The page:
Like you, I'm concerned our nation relies on foreign sources of energy. The longer we continue to depend on other countries for the energy which drives our economy, the greater the likelihood of again facing sky-high prices.
This is why I am working to develop oil and natural gas exploration here in the United States as well as expand research into renewable biofuels.
Unfortunately, government bureaucrats in Washington are hamstringing efforts to encourage new avenues of energy production by putting up roadblocks based on questionable science.
The EPA recently announced regulations on the energy we use which could prove devastating for production agriculture. The regulations concern indirect land use, a flawed methodology which holds that agriculture production results in carbon emissions from land tillage elsewhere in the world. I am concerned these provisions fail to use science-based standards and are instead based on wrongful assumptions between U.S. agriculture production and deforestation or conversion of agricultural land abroad.
There is no widely accepted method or model for calculating changes in land use and such an ambiguous concept should not be allowed to undermine our national priorities by making U.S. energy policy dependent on international decisions.
The Environmental Protection Agency (EPA) has tremendous power and authority, and the decisions it makes regarding both crop and livestock production agriculture will have a major impact on our rural economy for years to come. It is imperative any regulations enacted by the EPA be guided by sound science, transparent analysis, and economic modeling which stands up to scrutiny.
It is simply not practical to draw broad conclusions across a large geographic region concerning the effects of particular land use changes on resulting greenhouse gas emissions.
Different greenhouse gas emissions are caused by variations in soil, local climate, and various farming practices. To think we can credibly measure the impact of international indirect land use is completely unrealistic. It is ridiculous for practices in areas as far away as Southeast Asia or Brazil to determine policies which could not only reduce our dependence on foreign oil, but also very well impact our agriculture industries for generations.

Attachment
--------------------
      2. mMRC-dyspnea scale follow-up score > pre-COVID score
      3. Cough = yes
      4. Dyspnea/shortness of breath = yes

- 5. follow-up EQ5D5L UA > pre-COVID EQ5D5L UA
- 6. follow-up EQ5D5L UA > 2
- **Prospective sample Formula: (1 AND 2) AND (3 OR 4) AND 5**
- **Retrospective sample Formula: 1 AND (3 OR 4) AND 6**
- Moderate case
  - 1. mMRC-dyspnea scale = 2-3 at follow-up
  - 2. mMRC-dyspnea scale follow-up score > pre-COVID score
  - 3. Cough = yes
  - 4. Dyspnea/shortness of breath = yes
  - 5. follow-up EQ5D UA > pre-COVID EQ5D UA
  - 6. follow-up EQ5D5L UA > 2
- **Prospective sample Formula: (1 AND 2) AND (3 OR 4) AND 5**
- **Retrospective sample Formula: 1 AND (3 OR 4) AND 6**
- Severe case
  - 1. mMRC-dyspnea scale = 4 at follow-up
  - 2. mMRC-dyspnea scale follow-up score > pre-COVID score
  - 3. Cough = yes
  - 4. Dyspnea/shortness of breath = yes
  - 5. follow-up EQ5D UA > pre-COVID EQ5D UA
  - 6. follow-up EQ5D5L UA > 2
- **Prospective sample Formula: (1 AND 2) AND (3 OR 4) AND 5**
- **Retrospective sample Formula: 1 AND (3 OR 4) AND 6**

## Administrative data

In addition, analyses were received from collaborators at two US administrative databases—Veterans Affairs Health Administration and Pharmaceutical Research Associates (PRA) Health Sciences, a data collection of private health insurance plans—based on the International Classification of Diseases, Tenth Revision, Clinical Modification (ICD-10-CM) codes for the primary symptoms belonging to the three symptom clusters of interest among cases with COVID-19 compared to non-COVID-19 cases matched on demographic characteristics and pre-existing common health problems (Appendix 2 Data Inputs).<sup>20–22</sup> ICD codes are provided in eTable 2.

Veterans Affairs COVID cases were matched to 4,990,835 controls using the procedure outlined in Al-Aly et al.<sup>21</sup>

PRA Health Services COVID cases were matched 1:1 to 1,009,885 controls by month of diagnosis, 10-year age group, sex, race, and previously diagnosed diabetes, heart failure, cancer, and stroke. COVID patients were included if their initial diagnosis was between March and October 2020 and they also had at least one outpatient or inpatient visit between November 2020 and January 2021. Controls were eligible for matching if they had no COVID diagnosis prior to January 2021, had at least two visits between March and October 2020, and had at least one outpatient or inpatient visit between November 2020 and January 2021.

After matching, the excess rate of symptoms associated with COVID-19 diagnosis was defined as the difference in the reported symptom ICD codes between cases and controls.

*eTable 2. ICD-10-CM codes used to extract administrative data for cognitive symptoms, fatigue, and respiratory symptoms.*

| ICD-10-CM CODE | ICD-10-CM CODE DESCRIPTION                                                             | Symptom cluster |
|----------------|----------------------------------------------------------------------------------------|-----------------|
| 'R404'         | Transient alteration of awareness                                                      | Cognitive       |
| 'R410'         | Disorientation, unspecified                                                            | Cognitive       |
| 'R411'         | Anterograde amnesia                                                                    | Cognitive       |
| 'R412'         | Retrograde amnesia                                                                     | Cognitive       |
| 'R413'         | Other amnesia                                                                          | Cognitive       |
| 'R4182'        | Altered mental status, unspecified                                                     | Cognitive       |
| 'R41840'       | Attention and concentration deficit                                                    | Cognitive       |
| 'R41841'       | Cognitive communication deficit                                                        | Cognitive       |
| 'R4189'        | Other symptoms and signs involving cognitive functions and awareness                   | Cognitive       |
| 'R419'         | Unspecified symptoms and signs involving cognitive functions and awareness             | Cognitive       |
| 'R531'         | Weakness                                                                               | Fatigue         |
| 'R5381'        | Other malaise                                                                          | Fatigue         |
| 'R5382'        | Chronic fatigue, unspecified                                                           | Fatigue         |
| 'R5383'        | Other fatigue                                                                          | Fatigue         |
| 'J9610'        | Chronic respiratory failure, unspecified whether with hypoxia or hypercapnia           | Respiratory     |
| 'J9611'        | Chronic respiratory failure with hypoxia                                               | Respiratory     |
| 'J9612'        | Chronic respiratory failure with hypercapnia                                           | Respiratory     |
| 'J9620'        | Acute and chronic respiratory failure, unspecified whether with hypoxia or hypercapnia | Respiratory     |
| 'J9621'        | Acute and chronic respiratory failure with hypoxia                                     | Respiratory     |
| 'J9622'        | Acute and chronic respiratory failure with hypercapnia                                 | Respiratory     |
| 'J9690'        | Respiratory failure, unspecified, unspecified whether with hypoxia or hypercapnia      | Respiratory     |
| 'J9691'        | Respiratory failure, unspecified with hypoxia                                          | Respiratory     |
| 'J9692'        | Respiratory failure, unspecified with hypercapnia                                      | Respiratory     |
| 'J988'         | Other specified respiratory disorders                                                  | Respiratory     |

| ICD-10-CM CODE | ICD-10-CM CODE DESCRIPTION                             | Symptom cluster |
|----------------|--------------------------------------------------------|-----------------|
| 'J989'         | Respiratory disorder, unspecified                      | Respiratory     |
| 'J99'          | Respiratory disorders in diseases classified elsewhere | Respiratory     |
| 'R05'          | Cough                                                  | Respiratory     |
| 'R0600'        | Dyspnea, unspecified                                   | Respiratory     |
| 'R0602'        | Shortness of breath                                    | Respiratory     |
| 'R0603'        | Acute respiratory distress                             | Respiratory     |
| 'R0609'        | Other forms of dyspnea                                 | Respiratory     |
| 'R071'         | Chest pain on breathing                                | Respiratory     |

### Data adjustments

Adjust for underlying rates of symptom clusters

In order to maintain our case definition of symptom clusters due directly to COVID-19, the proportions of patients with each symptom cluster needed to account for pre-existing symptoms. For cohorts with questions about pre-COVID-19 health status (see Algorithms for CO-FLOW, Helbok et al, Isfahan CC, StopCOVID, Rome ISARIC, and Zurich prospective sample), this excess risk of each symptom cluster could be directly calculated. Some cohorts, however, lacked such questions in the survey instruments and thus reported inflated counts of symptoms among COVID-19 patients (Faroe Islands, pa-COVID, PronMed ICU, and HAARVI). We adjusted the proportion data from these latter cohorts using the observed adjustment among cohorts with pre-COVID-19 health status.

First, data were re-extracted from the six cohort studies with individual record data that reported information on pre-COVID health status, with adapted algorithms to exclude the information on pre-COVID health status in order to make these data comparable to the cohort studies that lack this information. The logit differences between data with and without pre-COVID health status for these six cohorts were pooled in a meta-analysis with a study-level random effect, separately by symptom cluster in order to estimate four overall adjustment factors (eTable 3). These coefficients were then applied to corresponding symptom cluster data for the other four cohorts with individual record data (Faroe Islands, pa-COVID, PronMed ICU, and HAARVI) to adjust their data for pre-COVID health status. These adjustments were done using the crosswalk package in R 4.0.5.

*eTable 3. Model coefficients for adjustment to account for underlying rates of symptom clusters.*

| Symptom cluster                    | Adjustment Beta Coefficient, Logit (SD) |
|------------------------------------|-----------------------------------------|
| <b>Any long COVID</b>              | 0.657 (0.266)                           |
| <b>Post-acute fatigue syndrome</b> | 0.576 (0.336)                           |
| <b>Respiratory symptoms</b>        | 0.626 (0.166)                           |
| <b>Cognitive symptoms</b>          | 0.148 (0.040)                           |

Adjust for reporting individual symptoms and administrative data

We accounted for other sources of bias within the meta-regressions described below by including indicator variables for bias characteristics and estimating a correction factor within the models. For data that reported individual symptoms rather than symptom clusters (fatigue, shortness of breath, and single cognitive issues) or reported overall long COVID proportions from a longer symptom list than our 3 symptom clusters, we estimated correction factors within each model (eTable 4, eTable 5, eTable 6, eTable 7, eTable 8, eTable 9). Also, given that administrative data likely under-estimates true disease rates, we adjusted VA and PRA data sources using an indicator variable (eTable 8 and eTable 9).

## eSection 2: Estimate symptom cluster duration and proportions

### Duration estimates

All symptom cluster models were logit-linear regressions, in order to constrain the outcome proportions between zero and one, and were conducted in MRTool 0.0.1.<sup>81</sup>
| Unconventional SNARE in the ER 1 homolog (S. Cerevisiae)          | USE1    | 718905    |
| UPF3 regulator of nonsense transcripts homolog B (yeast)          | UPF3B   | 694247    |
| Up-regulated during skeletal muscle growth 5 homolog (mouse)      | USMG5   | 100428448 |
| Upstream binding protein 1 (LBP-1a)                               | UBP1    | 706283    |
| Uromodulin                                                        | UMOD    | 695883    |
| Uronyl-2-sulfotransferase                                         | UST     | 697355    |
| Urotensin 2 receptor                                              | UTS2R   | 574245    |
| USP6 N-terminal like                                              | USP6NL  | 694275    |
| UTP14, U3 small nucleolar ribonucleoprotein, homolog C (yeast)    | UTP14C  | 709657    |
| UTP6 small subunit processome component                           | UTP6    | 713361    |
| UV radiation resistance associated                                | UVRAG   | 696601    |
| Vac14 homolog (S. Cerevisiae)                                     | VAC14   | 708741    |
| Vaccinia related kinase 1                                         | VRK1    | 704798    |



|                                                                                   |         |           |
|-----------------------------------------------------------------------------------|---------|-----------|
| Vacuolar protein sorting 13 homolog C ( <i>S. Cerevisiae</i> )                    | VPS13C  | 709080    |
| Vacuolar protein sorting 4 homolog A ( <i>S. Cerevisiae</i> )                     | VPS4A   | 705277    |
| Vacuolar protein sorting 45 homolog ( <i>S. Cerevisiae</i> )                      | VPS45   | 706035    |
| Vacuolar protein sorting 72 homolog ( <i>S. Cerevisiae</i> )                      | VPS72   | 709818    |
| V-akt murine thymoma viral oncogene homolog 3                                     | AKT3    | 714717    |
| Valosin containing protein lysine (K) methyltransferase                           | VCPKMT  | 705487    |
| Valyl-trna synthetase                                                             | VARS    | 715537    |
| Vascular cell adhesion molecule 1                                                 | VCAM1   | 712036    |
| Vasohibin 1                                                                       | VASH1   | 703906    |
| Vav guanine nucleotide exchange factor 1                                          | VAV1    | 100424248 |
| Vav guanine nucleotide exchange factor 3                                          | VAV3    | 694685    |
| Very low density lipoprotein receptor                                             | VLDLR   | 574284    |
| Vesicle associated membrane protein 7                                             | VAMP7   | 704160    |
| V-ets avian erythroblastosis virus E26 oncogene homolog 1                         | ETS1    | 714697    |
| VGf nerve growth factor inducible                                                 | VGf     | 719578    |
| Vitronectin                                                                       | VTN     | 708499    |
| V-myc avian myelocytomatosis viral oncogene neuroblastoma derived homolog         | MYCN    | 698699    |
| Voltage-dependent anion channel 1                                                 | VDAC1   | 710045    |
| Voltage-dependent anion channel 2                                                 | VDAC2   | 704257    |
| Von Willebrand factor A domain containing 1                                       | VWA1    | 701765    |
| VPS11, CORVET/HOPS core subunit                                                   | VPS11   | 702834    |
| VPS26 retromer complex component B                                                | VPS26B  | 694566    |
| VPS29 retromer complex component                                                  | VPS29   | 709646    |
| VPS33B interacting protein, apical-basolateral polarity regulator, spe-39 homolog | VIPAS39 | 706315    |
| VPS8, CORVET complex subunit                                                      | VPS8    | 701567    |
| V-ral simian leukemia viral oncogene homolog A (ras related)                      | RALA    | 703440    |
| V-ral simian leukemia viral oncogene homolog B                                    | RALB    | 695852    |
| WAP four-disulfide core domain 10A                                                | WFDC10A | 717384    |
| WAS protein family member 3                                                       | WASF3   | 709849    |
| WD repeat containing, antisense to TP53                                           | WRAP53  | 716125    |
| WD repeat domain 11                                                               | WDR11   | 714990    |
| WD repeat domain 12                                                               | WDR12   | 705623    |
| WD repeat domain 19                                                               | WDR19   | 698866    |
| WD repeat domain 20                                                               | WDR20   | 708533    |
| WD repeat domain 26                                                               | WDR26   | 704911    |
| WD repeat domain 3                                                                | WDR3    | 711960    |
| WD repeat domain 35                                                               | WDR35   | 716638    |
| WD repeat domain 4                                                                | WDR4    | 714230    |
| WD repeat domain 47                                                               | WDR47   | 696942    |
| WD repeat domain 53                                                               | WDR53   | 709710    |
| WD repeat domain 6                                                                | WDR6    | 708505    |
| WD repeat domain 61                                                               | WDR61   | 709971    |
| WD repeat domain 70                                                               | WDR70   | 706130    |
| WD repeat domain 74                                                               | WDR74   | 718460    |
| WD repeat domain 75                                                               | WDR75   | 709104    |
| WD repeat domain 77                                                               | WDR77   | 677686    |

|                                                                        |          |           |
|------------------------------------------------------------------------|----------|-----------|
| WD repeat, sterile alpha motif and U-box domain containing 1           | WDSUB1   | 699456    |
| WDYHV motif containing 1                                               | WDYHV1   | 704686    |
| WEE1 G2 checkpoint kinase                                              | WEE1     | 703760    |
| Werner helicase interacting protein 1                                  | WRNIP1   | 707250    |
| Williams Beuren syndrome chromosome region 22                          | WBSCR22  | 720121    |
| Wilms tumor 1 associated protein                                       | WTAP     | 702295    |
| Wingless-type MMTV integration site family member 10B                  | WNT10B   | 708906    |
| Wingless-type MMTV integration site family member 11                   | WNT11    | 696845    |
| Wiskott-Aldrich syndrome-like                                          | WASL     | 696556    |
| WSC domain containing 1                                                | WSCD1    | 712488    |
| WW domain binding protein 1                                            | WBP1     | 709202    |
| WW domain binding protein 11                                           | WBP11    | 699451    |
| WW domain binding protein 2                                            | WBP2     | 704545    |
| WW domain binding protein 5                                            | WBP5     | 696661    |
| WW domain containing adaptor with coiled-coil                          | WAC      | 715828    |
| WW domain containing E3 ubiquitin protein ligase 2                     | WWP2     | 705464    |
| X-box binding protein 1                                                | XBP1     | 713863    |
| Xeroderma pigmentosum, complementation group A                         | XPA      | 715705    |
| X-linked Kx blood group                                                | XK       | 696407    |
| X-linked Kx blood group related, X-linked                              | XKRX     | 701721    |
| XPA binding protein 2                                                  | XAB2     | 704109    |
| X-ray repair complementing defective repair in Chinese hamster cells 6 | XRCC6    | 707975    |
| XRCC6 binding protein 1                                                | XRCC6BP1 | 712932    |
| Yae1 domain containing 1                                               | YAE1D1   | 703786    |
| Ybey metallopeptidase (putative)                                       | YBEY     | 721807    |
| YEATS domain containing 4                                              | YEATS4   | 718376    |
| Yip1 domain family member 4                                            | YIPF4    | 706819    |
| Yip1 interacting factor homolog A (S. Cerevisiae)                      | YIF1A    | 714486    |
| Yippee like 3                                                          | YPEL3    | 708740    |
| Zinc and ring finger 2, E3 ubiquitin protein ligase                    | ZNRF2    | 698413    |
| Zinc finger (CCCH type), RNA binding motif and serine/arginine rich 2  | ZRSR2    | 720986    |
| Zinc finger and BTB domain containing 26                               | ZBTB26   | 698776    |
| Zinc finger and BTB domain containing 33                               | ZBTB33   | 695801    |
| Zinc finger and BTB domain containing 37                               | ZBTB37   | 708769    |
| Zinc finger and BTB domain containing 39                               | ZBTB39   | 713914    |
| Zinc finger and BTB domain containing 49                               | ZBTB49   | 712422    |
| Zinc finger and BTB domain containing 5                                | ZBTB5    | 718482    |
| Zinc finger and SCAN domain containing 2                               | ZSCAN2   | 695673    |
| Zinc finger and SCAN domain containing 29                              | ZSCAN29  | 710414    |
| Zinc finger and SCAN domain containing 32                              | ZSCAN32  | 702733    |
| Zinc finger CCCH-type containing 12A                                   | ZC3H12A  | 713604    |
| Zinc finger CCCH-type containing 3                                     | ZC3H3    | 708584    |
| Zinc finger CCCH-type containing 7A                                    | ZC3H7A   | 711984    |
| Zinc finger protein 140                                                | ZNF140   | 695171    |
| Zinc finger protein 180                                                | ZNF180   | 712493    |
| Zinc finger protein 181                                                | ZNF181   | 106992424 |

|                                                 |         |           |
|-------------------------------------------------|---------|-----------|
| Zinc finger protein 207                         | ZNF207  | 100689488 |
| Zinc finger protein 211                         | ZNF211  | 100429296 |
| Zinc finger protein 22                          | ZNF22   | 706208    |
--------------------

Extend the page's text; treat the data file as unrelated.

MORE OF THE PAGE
We cannot allow a misguided edict from the EPA to derail potential renewable energy independence -- especially at a time in which the industry can have such an important role in providing needed jobs as well as reliable sources of energy. If our energy policy is going to be prepared for the future, renewable fuels need to be an important part of an "all-of-the-above" energy policy which makes use of all forms of American energy.
We can structure our public policy to encourage growth while not interfering with the marketplace. As a member of both the House Natural Resources and House Agriculture Committees, I understand the impact such regulations can have on all aspects of our ag industry. Nebraska's livestock and production agriculture industries are integral important to our state and they deserve policies which bring about stability.
Nebraska has more than 45 million acres of farm- and ranch-land, not to mention thousands and thousands of ag-related jobs. With this in mind, I will work to ensure U.S. agriculture policy always takes a balanced approach and is not based on unreliable data and decisions made by other countries.